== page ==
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Marcus Clayton Stone, the third of four children of Frank Stone and Elizabeth Stone, was born in London on 4th July 1840. His father was a watercolourist and was a close friend of Charles Dickens, William Makepeace Thackeray , Wilkie Collins and Daniel Maclise.
Marcus often visited the Dickens household. In 1852 he drew a sketch from Bleak House, which he presented to the author. Dickens inscribed his thanks on a copy of his book A Child's History of England, writing "you have made an excellent sketch from a book of mine which I have received (and preserved) with great pleasure". His biographer, Pamela M. Fletcher, has pointed out: "While Stone had no formal artistic training he learned the trade in his father's studio." Marcus also attended life-drawing class held by established artists, including William Powell Frith, Augustus Egg and William Holman Hunt.
In 1857 Collins and Dickens wrote The Frozen Deep. The inspiration for the play came from the expedition led by Rear-Admiral John Franklin in 1845 to find the North-West Passage. Dickens offered to arrange its first production in his own home, Tavistock House. Dickens also wanted to play the part of the hero, Richard Wardour, who after struggling against jealousy and murderous impulses, sacrifices his life to rescue his rival in love. Dickens, also gave parts to three of his children, Charles Culliford Dickens, Kate Dickens, Mamie Dickens and his sister-in-law, Georgina Hogarth. The seventeen year old Marcus Stone was also given a part in the play.
After the death of Frank Stone, Dickens tried very hard to help Marcus's career. He recommended him to his publishers, Chapman and Hall, with the words, "he is an admirable draughtsman, has a most dexterous hand, a charming sense of grace and beauty, and a capital power of observation". Valerie Browne Lester has pointed out: "After Frank Stone died in 1859, Dickens took the rest of his old friend's family under his wing, and gave Frank's son, Marcus, a leg-up in the publishing world by recommending him to Chapman and Hall."
In 1859 Stone exhibited Silent Pleading at the Royal Academy of Arts, London*. The painting shows a tramp, a policeman and a country gentleman. The tramp, who has a child wrapped up in his cloak, has taken shelter from the snowy weather; the policeman is about to arrest him but it appears as if the gentleman is suggesting that he should be left alone. The Art Journal praised the painting for its "earnestness and simplicity". Julian Treuherz, the author of Hard Times: Social Realism in Victorian Art (1987) has argued: "Its subject can be explained from his friendship with Charles Dickens, an intimate companion and neighbour of his father."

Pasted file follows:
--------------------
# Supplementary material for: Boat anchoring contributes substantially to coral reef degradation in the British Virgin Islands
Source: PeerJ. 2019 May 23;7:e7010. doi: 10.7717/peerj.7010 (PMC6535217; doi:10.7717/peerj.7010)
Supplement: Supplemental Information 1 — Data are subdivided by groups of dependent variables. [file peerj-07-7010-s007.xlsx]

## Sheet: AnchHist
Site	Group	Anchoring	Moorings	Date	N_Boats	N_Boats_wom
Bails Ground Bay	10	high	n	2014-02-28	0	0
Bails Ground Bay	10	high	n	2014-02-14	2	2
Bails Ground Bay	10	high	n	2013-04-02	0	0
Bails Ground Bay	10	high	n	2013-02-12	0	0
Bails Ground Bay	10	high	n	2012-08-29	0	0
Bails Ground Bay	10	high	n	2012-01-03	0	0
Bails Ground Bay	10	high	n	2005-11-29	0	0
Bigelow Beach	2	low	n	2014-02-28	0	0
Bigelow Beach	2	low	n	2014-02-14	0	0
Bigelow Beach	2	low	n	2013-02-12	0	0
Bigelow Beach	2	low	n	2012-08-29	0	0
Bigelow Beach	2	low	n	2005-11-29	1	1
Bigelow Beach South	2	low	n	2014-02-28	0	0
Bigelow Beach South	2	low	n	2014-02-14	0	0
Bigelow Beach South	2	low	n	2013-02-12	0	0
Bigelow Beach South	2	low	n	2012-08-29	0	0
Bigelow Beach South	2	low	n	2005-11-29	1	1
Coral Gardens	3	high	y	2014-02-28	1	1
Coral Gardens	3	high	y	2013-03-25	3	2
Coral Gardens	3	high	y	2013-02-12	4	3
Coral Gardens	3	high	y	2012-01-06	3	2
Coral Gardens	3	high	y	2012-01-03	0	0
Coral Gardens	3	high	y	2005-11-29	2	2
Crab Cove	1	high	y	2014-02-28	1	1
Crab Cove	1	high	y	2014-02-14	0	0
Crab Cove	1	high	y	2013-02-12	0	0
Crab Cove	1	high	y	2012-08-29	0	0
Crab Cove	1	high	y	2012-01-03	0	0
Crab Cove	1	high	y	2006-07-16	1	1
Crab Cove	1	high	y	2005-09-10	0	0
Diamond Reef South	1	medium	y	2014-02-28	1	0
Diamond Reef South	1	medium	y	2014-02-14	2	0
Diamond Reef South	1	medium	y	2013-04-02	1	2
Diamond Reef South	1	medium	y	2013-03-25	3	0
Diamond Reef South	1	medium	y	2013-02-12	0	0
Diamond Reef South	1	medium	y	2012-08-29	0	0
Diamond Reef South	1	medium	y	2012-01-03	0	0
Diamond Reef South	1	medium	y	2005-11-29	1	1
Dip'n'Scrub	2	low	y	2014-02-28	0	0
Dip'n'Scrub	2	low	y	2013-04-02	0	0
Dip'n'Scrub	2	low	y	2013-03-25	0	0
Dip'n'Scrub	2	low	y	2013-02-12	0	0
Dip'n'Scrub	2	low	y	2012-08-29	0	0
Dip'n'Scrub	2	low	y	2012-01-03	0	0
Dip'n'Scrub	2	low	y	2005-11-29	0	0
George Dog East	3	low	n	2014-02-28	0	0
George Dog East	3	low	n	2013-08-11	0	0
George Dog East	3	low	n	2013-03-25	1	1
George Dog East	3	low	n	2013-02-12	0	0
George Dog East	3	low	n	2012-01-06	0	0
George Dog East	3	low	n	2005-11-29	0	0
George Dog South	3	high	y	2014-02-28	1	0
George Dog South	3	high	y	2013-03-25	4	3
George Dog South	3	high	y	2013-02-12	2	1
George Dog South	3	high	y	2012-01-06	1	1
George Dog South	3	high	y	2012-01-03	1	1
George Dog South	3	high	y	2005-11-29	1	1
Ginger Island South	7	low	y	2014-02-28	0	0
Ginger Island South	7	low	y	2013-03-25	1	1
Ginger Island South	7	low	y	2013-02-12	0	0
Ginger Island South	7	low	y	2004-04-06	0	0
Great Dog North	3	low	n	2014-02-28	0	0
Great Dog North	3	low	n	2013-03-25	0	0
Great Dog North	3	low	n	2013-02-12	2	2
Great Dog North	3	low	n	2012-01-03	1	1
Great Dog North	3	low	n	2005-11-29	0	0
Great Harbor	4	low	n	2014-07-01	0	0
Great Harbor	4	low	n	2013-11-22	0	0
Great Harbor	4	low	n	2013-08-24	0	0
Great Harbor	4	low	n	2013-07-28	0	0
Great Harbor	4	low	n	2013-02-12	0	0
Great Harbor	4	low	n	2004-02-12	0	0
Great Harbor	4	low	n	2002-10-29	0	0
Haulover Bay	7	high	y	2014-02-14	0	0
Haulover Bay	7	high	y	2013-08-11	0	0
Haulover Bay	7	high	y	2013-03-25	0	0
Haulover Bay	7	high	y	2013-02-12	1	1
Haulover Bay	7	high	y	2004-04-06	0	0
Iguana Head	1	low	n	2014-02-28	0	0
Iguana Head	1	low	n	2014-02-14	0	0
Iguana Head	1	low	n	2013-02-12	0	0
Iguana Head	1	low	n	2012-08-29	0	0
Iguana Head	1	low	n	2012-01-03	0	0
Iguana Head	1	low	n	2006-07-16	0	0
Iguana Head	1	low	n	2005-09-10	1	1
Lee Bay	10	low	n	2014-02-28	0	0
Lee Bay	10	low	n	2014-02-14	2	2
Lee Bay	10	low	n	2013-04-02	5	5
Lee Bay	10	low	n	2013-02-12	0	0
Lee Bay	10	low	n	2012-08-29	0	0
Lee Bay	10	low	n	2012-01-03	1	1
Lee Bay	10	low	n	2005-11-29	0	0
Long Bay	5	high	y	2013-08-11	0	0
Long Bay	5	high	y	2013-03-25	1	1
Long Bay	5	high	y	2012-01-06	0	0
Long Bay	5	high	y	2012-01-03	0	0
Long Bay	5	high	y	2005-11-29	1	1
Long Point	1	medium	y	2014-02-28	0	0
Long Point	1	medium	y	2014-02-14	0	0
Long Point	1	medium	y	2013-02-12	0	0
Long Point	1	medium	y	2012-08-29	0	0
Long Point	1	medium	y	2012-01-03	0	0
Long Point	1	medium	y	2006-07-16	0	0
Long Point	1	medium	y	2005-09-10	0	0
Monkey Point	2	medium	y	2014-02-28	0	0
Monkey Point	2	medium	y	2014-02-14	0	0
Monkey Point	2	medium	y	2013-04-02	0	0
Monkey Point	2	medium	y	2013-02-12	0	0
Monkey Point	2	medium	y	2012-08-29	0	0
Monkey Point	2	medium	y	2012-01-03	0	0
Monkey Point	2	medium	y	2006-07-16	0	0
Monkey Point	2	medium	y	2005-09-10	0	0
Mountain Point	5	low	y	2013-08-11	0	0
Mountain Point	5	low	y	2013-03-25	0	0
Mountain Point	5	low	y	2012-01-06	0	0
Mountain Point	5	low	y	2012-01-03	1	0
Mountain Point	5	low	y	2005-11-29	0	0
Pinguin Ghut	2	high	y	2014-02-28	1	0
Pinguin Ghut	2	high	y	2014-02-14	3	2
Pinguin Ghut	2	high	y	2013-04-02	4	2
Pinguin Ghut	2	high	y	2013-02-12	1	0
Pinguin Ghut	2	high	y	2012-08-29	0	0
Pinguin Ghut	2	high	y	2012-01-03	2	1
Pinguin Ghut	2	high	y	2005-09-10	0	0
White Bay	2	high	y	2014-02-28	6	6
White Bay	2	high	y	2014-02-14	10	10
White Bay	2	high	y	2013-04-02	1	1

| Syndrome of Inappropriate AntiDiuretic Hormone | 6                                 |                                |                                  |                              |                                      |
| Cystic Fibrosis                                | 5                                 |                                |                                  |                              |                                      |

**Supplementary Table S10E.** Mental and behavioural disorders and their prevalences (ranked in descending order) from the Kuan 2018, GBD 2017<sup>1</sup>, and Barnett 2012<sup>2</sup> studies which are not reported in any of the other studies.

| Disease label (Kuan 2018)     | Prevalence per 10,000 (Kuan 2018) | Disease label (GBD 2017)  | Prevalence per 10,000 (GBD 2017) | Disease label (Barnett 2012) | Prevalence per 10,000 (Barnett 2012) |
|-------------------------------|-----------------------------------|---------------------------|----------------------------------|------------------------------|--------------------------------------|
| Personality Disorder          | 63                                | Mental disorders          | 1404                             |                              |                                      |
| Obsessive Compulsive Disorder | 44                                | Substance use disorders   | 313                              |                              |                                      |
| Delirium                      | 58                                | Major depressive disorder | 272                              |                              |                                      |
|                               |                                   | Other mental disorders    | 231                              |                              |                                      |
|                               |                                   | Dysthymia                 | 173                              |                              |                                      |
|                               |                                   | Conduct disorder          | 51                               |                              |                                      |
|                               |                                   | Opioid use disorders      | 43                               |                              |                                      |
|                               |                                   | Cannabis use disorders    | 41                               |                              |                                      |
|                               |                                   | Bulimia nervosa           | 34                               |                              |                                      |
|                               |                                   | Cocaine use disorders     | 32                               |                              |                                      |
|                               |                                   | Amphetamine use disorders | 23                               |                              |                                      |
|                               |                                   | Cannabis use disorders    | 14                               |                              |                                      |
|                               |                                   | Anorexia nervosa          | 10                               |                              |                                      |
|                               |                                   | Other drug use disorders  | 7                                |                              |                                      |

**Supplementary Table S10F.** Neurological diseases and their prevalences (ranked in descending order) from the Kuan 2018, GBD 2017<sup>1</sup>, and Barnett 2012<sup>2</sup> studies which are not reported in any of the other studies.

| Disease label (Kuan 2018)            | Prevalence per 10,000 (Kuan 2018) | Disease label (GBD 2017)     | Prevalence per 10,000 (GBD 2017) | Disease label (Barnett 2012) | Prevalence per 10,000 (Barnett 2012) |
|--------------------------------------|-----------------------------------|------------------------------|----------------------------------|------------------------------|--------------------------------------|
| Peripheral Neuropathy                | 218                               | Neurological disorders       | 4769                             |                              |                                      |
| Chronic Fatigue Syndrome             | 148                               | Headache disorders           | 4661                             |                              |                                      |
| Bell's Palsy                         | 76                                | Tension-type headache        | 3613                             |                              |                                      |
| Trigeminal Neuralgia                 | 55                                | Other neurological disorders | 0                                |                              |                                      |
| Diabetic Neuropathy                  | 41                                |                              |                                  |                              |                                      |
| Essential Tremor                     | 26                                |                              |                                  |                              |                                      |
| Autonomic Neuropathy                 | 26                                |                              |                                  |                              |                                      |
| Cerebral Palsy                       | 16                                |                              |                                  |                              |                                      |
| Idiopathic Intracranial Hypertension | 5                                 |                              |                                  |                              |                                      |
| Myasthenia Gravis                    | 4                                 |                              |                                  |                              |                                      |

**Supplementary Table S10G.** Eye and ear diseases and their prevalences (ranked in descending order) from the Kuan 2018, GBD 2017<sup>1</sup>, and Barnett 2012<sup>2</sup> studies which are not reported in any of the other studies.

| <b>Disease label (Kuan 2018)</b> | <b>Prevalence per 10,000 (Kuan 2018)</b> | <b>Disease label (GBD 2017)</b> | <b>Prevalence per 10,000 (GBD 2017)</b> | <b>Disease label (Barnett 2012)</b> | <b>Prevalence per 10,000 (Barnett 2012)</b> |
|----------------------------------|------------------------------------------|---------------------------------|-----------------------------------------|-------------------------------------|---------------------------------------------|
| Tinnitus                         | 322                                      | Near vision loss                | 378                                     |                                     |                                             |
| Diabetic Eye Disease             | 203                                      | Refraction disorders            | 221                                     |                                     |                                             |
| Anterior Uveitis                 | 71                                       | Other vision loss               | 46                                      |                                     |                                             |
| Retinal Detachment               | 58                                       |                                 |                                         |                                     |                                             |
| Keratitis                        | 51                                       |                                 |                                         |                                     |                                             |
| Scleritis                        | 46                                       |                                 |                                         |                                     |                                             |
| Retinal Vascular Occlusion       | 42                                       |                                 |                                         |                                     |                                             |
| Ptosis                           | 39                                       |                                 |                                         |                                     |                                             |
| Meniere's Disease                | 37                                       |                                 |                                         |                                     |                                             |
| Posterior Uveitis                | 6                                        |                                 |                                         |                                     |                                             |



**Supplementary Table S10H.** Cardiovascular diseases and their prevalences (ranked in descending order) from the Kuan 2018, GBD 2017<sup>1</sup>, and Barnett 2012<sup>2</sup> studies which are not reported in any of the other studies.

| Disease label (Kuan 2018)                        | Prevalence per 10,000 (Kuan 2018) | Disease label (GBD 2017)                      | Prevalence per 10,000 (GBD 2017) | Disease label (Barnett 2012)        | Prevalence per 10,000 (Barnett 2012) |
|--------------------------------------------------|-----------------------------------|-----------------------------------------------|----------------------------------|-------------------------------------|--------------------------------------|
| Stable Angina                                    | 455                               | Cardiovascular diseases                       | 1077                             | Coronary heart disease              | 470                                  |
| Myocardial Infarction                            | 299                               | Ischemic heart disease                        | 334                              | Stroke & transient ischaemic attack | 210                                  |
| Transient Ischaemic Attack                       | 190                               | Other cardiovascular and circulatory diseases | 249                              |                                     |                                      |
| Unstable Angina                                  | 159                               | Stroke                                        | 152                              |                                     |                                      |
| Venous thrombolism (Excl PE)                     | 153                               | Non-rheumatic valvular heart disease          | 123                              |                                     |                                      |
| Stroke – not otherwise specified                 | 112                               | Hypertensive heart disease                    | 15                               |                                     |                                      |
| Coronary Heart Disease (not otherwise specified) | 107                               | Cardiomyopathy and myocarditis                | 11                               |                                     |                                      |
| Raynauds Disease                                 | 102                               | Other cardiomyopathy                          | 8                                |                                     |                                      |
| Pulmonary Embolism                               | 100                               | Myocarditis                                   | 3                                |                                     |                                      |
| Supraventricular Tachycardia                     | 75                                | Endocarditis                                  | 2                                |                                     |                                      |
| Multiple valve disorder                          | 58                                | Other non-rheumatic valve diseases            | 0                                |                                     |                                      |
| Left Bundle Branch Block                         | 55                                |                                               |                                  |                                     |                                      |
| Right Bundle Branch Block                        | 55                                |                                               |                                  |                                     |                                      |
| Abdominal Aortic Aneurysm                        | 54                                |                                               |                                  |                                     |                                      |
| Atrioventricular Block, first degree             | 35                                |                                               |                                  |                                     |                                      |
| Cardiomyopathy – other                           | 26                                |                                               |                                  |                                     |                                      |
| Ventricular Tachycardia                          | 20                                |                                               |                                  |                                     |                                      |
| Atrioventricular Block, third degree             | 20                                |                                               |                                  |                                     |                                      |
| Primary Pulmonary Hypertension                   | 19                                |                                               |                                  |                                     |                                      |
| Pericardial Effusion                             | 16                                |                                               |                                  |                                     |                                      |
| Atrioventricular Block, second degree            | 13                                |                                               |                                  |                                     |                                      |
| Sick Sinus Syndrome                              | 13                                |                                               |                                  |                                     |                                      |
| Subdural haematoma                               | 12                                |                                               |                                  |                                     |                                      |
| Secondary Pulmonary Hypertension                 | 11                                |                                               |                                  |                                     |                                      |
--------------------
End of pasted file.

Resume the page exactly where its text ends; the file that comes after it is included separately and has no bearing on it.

Charles Dickens did what he could to help Stone and in 1861 he commissioned him to produce a frontispiece to Little Dorrit. Two years later he employed him to provide the illustrations for Our Mutual Friend .
Marcus Stone was younger and fresher than Hablot Browne who had been illustrating for Dickents, but was by no means so good an artist... Dickens wanted a new look for his first serial novel in seven years... Stone's work was much more contemporary and much more fashionable - more modern."
Marcus Stone also did work for Anthony Trollope and illustrated his serialized novel, He Knew He Was Right (1868–9). This was not considered a success, and after this he concentrated on painting and was a regular exhibitor at the annual Royal Academy show. Alfred Lys Baldry argued in The Life and Work of Marcus Stone (1896): "He (Marcus Stone) is an admirable draughtsman*, has a most dexterous hand, a charming sense of grace and beauty, and a capital power of observation".
Pamela M. Fletcher argues: "Stone's success and reputation, however, were primarily based on the romantic genre scenes that he began painting in the mid-1870s. These works depict proposals, lovers' quarrels, and moments of reverie among the upper classes of the early nineteenth century, a period he chose for its combination of picturesque costume and relative familiarity." In 1899 Stone admitted: "I had always been a great student of history... but a student with a political bias. I had come to the conclusion that history as written by the historian was a very different thing from that which was written by the people who made it… the kings and nobles were very great and grand and quite different from ordinary human beings."
According to The Times, Stone was "a militant Radical, alike in politics and religion."
Marcus Stone died at his home, 8 Melbury Road, Kensington, London, on 24th March 1921.
"Marcus Stone", Spartacus Educational, www.spartacus.schoolnet.co.uk/DICstoneM.htm (Accessed 5/10/2013)
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